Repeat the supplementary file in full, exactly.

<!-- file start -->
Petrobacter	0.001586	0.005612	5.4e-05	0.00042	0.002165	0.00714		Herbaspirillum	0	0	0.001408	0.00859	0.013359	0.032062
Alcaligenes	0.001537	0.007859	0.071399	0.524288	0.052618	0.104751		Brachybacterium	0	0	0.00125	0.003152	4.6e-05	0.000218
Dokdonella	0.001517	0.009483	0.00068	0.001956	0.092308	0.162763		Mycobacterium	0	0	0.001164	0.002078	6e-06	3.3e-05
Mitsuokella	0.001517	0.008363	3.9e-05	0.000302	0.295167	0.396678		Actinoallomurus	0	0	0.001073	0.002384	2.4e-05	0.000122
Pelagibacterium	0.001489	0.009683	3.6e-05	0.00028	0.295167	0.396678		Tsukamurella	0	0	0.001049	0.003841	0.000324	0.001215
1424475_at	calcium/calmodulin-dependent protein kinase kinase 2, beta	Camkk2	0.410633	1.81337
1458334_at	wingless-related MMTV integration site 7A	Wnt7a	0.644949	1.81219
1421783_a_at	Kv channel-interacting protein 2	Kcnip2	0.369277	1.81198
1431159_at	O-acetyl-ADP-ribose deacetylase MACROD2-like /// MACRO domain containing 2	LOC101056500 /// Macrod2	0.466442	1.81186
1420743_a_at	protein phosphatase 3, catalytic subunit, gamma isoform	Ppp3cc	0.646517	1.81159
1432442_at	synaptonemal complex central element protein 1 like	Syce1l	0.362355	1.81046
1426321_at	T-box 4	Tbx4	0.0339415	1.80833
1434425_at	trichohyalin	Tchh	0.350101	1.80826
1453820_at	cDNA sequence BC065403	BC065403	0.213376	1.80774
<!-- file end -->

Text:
Petrobacter	0.001586	0.005612	5.4e-05	0.00042	0.002165	0.00714		Herbaspirillum	0	0	0.001408	0.00859	0.013359	0.032062
Alcaligenes	0.001537	0.007859	0.071399	0.524288	0.052618	0.104751		Brachybacterium	0	0	0.00125	0.003152	4.6e-05	0.000218
Dokdonella	0.001517	0.009483	0.00068	0.001956	0.092308	0.162763		Mycobacterium	0	0	0.001164	0.002078	6e-06	3.3e-05
Mitsuokella	0.001517	0.008363	3.9e-05	0.000302	0.295167	0.396678		Actinoallomurus	0	0	0.001073	0.002384	2.4e-05	0.000122
Pelagibacterium	0.001489	0.009683	3.6e-05	0.00028	0.295167	0.396678		Tsukamurella	0	0	0.001049	0.003841	0.000324	0.001215
1424475_at	calcium/calmodulin-dependent protein kinase kinase 2, beta	Camkk2	0.410633	1.81337
1458334_at	wingless-related MMTV integration site 7A	Wnt7a	0.644949	1.81219
1421783_a_at	Kv channel-interacting protein 2	Kcnip2	0.369277	1.81198
1431159_at	O-acetyl-ADP-ribose deacetylase MACROD2-like /// MACRO domain containing 2	LOC101056500 /// Macrod2	0.466442	1.81186
1420743_a_at	protein phosphatase 3, catalytic subunit, gamma isoform	Ppp3cc	0.646517	1.81159
1432442_at	synaptonemal complex central element protein 1 like	Syce1l	0.362355	1.81046
1426321_at	T-box 4	Tbx4	0.0339415	1.80833
1434425_at	trichohyalin	Tchh	0.350101	1.80826
1453820_at	cDNA sequence BC065403	BC065403	0.213376	1.80774